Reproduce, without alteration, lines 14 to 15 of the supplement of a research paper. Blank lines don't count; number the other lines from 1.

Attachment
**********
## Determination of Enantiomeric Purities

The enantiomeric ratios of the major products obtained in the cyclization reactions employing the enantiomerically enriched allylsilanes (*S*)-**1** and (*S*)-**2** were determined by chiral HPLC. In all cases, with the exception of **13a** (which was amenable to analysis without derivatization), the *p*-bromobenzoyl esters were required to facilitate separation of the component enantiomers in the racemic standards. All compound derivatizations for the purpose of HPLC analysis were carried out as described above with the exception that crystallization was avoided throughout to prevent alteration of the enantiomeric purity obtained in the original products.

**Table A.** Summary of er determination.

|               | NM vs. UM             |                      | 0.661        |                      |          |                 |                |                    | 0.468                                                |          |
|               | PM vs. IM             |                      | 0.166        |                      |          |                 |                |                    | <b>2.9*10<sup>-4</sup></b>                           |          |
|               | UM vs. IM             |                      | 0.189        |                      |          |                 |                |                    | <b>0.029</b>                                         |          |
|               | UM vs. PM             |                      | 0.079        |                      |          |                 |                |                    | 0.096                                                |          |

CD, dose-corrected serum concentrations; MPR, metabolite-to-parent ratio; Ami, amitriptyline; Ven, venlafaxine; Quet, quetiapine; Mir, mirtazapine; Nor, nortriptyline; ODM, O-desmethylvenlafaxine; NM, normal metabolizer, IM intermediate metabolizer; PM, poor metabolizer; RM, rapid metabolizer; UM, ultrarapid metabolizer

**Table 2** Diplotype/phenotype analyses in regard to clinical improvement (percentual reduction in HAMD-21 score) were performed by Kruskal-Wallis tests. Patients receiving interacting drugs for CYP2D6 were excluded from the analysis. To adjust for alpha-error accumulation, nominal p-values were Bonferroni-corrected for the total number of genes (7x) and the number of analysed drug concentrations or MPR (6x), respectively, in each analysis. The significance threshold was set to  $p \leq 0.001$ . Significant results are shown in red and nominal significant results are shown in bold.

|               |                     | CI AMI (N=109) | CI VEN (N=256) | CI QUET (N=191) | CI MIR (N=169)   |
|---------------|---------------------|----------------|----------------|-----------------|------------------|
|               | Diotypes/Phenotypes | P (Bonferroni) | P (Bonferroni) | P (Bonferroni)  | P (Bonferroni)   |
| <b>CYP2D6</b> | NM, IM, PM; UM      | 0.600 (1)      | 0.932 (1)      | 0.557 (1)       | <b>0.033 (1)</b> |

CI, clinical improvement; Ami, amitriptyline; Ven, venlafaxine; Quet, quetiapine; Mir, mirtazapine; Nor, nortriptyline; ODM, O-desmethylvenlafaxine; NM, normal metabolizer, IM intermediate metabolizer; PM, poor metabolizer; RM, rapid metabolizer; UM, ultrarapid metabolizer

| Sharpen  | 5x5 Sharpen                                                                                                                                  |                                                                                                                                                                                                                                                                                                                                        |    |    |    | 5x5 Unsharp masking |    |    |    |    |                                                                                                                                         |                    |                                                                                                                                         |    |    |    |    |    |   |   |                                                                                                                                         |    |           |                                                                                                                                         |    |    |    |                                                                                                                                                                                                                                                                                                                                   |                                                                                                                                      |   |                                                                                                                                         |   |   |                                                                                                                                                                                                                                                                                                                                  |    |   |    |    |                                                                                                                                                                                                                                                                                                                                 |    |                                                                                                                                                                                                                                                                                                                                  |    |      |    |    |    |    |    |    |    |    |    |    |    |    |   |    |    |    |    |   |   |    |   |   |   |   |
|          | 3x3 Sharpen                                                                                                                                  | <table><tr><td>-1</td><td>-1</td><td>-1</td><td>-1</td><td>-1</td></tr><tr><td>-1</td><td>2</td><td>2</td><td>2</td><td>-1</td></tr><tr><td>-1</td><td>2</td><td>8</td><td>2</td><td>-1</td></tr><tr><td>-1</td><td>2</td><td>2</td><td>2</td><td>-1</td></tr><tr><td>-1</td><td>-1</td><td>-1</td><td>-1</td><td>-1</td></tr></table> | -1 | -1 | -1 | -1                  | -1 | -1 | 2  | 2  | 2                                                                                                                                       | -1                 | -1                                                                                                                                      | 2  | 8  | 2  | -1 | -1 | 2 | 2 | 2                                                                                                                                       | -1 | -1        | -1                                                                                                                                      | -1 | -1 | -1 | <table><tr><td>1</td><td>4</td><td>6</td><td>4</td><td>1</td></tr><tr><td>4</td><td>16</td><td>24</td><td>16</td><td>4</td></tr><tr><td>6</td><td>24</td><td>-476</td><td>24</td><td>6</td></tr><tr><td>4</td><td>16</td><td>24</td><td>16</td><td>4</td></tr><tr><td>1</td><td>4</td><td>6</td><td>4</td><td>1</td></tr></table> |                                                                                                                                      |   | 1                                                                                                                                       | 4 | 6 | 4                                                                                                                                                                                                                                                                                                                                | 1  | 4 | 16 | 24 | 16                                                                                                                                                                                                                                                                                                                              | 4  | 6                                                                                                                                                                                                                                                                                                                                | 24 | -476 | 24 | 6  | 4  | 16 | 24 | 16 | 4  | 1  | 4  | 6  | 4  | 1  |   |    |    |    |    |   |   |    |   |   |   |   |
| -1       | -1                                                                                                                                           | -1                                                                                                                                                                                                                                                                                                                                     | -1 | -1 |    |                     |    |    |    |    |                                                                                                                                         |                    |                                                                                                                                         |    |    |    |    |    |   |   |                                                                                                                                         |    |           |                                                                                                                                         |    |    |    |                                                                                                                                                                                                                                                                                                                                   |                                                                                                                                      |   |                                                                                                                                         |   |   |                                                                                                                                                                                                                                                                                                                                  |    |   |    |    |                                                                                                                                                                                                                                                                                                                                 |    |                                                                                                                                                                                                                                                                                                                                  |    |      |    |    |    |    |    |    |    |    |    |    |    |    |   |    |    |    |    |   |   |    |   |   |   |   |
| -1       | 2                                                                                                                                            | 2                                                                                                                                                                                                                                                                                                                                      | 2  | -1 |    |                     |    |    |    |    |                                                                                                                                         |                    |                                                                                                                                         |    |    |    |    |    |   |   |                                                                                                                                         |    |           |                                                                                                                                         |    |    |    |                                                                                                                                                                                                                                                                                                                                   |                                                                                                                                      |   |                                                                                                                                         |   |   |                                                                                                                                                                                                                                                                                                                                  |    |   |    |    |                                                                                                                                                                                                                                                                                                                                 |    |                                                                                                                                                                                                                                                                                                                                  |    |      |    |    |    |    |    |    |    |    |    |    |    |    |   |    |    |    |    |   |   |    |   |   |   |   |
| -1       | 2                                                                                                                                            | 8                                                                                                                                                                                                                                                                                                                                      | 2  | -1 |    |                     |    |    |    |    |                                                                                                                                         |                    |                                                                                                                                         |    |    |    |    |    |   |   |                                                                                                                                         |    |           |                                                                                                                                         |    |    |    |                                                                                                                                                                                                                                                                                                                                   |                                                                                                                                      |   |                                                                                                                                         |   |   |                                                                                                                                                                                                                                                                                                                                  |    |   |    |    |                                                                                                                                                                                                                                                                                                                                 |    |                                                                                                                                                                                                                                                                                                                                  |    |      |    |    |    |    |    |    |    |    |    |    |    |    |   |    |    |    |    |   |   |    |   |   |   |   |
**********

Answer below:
CI, clinical improvement; Ami, amitriptyline; Ven, venlafaxine; Quet, quetiapine; Mir, mirtazapine; Nor, nortriptyline; ODM, O-desmethylvenlafaxine; NM, normal metabolizer, IM intermediate metabolizer; PM, poor metabolizer; RM, rapid metabolizer; UM, ultrarapid metabolizer

| Sharpen  | 5x5 Sharpen                                                                                                                                  |                                                                                                                                                                                                                                                                                                                                        |    |    |    | 5x5 Unsharp masking |    |    |    |    |                                                                                                                                         |                    |                                                                                                                                         |    |    |    |    |    |   |   |                                                                                                                                         |    |           |                                                                                                                                         |    |    |    |                                                                                                                                                                                                                                                                                                                                   |                                                                                                                                      |   |                                                                                                                                         |   |   |                                                                                                                                                                                                                                                                                                                                  |    |   |    |    |                                                                                                                                                                                                                                                                                                                                 |    |                                                                                                                                                                                                                                                                                                                                  |    |      |    |    |    |    |    |    |    |    |    |    |    |    |   |    |    |    |    |   |   |    |   |   |   |   |